Galaxy S5 or Note 4 will feature 64-bit processor, confirms ARM; 128-bit chips might follow soon after

Ever since Apple unveiled the iPhone 5s with its 64-bit processor, and ever since Samsung followed up the iPhone 5s’ announcement with a confirmation that they’re working on 64-bit processors as well, everyone has pretty much taken it for granted that these 64-bit CPUs will make it to Samsung devices in 2014. Samsung recently confirmed that they’re working on a custom 64-bit CPU that will make its way to market sometime in 2014/2015, and now a “senior ARM official” has reportedly confirmed that the 64-bit CPU will make it to a Samsung device next year.

No particular device was mentioned, so there’s no telling whether the 64-bit processor will debut on the Galaxy S5 or the Note 4. If we were to hazard a guess, it will probably be in the Galaxy S5, as Samsung would want to counter Apple’s latest flagship iPhone in one of its features as soon as possible (especially since Samsung’s 64-bit chip has been rumored to be in its final stages of development). The ARM official also said that 128-bit processors could make an appearance in the next couple of years, as applications such as face recognition increase the demand on computing power, though when (and if) Samsung (and other chip makers, like Qualcomm) will make a similar move any time soon remains to be seen.


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3 years 5 months ago

Regardless of what it will be a day purchase of the Galaxy Note 4 for me definitely. Just like I did the Galaxy Note 2 in October 2012 and the most recent Galaxy Note 3 this past October.

3 years 5 months ago

Same here Richard. I love my Samsung phones and products. The Note 3 blows away my iPhone 5s that I have from work. I hate using the iPhone. It’s definitely a toy compared to the Note 3.

3 years 5 months ago

When mainstream server class CPU are still stuck at 64-bit today, how is ARM going to implement, let alone have someone fabricate, a 128bit CPU consumer class CPU in next couple of years? Unless Apple can take the lead and integrate a $100-$200 128-bit CPU into their iPhone, I don’t see how we’re going to see a 128-bit CPU in a cell phone by 2020.

3 years 5 months ago

The super computers have thousands of processors, and if you know, all CPUs works together as if they were a single CPU (centralized system).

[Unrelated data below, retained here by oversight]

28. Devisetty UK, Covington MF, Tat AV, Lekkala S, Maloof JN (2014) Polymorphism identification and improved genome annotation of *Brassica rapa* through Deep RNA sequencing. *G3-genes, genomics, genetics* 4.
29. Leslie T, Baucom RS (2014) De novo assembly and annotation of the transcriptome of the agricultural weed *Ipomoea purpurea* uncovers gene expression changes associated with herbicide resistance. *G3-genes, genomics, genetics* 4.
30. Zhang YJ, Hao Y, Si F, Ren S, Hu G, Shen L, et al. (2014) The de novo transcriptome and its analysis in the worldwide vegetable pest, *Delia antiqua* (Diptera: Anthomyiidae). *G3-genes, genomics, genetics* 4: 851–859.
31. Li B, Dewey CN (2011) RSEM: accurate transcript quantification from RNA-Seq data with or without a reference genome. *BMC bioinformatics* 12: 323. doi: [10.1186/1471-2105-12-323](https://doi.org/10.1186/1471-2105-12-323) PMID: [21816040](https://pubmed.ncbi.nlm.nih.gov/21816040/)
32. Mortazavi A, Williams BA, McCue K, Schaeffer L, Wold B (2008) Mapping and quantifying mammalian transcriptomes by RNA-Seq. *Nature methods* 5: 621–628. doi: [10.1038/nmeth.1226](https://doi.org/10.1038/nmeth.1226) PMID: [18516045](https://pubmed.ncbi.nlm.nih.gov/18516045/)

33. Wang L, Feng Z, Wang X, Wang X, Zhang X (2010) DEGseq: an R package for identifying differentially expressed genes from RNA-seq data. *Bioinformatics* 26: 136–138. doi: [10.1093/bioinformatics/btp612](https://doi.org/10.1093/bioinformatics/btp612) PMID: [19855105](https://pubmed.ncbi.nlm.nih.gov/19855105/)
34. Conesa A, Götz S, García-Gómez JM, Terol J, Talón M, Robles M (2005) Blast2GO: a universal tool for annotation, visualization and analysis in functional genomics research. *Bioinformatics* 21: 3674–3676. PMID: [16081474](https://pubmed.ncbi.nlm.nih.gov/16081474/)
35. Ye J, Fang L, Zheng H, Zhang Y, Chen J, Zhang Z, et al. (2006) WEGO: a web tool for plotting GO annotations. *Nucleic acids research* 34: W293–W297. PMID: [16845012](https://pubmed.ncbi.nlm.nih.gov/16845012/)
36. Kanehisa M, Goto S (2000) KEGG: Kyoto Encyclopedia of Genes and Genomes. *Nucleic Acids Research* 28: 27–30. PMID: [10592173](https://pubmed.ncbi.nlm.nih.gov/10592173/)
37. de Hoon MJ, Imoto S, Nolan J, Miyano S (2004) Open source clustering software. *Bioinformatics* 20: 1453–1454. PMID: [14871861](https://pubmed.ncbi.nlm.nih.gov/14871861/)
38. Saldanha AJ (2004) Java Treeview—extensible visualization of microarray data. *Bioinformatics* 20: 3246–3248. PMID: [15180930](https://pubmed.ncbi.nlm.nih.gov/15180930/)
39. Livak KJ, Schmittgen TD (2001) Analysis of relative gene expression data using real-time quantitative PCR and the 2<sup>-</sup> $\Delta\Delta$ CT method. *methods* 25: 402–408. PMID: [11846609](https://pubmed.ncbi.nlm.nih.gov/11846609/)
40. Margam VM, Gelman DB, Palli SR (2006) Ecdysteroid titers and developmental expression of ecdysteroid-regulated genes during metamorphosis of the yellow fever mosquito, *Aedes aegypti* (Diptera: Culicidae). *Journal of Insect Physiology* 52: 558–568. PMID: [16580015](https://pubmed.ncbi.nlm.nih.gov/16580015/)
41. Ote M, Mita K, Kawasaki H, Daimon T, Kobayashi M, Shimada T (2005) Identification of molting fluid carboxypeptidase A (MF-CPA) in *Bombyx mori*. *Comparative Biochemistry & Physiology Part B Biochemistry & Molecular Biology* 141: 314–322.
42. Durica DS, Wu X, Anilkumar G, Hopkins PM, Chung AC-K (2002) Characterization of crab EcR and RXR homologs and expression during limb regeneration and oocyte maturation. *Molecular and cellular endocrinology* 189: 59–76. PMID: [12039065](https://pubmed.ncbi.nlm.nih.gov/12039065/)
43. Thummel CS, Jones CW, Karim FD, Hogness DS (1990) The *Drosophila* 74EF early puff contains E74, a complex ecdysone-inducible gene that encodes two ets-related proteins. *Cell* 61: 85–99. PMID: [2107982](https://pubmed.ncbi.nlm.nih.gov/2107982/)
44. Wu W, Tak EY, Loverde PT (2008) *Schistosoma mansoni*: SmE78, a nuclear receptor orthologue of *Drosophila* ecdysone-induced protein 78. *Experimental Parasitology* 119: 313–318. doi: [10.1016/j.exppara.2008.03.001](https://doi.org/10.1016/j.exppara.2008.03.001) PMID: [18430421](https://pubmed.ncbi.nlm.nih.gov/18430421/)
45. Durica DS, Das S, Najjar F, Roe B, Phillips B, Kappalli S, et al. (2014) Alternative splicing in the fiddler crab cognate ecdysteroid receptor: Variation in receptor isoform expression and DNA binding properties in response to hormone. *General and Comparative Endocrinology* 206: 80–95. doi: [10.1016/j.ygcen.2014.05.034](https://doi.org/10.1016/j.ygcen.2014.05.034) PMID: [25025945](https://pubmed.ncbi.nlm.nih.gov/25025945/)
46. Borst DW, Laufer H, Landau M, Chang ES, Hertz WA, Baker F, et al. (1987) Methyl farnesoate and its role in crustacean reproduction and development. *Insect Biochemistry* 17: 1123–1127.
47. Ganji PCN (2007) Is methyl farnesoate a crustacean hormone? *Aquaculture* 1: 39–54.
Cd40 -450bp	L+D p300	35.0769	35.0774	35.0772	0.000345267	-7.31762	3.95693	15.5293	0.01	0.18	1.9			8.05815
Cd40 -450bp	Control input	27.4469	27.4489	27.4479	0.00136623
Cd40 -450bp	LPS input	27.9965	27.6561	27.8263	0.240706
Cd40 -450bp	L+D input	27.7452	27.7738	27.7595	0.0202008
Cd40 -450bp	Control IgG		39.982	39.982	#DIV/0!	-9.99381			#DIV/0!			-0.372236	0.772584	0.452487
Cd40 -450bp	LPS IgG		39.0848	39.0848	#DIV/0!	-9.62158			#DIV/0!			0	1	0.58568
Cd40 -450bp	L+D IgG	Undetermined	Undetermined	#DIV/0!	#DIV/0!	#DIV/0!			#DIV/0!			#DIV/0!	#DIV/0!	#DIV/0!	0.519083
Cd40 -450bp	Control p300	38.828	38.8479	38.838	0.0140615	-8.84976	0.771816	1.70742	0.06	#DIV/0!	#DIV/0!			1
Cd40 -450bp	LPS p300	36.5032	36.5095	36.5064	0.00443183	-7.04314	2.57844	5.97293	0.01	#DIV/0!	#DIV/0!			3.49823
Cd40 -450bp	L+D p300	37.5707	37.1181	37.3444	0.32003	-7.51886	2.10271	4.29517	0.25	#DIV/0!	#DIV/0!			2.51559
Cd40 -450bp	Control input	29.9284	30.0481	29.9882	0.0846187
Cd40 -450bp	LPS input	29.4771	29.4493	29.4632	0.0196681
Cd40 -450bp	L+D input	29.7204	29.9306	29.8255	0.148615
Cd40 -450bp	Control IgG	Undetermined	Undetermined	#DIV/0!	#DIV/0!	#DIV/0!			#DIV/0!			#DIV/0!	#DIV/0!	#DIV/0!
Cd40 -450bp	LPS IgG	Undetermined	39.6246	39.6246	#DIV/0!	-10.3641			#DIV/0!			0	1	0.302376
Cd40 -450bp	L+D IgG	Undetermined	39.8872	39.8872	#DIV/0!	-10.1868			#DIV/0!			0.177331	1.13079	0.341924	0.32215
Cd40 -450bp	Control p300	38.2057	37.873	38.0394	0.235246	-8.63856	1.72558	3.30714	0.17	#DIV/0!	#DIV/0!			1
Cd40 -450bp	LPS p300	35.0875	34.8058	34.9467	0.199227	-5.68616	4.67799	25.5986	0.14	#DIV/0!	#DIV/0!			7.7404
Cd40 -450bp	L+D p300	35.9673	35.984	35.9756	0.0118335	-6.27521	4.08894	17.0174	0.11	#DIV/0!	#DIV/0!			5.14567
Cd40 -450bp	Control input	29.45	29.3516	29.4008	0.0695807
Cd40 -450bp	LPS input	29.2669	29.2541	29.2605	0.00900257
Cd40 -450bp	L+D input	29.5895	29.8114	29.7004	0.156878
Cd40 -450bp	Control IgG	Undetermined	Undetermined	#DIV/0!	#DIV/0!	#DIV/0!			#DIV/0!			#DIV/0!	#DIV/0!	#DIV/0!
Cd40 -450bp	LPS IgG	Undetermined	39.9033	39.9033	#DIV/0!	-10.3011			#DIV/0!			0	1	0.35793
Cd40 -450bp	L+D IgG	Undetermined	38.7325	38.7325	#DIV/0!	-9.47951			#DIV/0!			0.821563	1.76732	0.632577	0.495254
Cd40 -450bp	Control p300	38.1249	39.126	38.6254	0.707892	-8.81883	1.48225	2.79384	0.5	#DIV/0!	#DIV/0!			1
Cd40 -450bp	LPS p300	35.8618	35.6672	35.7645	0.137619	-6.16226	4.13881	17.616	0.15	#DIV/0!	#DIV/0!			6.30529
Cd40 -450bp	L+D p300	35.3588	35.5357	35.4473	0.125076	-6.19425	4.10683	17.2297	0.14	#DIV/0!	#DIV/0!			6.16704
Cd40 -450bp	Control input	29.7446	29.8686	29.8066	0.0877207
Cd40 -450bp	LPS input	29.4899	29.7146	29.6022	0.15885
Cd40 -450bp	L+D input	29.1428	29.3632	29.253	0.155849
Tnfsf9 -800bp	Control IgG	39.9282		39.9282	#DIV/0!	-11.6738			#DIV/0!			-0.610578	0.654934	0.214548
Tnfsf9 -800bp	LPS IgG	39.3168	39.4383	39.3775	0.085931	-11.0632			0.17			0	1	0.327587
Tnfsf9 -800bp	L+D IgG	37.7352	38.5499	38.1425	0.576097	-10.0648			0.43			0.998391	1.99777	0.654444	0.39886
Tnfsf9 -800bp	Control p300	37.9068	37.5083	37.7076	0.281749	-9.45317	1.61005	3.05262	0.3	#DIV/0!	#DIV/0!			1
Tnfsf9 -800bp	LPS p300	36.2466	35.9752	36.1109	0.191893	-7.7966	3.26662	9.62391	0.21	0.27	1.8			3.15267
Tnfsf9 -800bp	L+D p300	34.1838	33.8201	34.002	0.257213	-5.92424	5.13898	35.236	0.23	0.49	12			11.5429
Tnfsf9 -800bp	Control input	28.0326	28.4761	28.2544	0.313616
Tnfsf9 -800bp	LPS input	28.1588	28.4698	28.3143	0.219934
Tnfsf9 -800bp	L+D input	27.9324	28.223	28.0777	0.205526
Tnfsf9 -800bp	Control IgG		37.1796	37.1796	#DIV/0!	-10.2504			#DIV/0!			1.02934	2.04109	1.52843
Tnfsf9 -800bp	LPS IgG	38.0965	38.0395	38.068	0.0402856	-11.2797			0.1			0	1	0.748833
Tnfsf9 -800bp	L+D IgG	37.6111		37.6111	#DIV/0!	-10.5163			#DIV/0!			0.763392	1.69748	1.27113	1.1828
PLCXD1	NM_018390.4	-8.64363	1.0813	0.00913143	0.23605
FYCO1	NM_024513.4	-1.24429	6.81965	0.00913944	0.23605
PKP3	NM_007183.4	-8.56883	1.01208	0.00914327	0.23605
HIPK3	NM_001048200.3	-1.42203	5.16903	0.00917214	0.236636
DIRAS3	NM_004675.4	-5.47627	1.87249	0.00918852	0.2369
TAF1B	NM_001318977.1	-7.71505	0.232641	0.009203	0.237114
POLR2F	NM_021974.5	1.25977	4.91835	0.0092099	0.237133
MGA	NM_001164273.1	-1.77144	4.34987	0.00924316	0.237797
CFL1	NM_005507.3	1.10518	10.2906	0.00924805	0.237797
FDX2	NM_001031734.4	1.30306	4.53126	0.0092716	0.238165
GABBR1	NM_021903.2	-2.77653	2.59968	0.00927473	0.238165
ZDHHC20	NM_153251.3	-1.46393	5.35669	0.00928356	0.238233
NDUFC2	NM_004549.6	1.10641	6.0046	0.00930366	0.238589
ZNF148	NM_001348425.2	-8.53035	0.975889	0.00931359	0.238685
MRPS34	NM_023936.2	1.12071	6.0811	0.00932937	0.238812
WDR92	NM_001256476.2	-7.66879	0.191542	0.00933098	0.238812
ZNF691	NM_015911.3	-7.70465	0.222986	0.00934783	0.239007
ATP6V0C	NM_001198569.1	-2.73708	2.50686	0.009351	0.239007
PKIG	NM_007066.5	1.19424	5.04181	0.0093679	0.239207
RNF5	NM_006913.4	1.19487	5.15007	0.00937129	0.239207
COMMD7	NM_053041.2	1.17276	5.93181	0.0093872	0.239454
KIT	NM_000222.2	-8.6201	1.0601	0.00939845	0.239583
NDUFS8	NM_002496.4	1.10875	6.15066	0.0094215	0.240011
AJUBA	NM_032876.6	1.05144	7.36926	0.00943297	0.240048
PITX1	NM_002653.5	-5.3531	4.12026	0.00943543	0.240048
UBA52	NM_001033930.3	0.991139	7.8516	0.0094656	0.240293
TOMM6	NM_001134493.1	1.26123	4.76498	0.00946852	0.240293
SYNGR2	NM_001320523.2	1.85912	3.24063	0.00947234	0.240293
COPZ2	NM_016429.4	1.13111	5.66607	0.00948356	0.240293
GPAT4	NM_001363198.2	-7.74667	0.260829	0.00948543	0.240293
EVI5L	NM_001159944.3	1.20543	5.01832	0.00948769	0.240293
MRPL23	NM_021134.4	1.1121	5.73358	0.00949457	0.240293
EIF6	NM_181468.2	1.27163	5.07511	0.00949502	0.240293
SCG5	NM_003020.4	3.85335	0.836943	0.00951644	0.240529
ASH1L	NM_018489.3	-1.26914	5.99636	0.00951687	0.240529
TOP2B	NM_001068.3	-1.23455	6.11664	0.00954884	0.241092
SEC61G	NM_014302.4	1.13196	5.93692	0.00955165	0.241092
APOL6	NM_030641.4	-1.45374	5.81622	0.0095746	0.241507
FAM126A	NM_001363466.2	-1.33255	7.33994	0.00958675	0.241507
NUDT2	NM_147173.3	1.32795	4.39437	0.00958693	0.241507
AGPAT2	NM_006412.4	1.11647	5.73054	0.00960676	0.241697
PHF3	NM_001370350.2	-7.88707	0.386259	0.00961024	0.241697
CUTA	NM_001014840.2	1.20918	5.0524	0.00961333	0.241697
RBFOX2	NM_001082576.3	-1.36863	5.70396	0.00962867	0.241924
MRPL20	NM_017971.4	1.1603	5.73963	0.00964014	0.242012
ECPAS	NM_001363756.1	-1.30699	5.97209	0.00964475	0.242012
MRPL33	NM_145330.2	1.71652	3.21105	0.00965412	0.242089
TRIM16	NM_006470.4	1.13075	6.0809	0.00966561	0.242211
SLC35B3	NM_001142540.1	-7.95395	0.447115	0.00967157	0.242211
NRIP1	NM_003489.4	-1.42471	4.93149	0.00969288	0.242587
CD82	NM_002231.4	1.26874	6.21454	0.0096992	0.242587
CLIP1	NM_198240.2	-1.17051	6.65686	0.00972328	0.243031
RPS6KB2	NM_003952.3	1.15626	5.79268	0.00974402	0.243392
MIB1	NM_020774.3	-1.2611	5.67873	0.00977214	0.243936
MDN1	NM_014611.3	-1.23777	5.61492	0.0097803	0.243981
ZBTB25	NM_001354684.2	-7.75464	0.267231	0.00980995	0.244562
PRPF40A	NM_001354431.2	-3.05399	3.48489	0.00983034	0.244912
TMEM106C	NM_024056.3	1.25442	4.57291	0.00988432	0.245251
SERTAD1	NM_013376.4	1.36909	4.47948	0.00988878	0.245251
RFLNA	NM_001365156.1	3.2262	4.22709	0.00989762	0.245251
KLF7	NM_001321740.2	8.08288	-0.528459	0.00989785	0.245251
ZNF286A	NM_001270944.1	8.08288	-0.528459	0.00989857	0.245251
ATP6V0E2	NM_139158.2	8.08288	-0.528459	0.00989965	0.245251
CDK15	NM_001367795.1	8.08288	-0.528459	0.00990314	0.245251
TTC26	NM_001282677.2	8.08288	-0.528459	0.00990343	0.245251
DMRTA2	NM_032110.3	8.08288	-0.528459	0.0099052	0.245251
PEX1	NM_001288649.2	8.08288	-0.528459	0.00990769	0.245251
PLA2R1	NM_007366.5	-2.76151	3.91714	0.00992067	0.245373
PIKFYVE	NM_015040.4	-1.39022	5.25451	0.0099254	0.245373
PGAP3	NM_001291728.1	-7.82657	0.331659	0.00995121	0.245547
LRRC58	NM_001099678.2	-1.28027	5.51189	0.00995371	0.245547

What I mean, is it possible to create a 128bit CPU by using two 64bit CPU. Is the same way of the true Octacore CPUs, instead of only using two CPUs and each one works separetly.

Android can be easily adapted to a centralized system. Android is the most similar system to a desktop OS.

3 years 5 months ago

La estupidez es la ignorancia que muetran muchos usuarios como tu….. ¬¬¬¬ es progreso depende de ellos y lo van logrando tu solo criticando…. que penoso… es mia opinion

3 years 5 months ago

I love how people who don’t understand technology throw around terms like 32 bit vs. 64 bit and then they talk about 128 bit, as if that will magically make things faster or better. The big advantages to going from 32 bit to 64 bit came from breaking through the 4GB barrier. 32 bit is limited to 4GB of addressable space, without “tricks” to work around that limitation. This is a part of the reason why restore points for Windows XP would often not restore successfully. 64 bit is so far beyond that point that for the moment, we are free of any limitations.

Now, there are also computing reasons for 64 bit having advantages, when large numbers or high precision floating point calculations come into play, and while 128 bit would have some advantages for hard-core number crunching, for consumer level stuff, there really wouldn’t be much of an advantage at this point to 128 bit. For the most part, we are not anywhere near the point where 64 bit is a limiting factor.

So, 128 bit….some marketing or business person saying it, as if it automatically makes things better is pure stupidity. When 128 bit would provide REAL benefits, then that is one thing, but just to do it, when 64 bit is at least a decade from being a limiting factor is just marketing BS.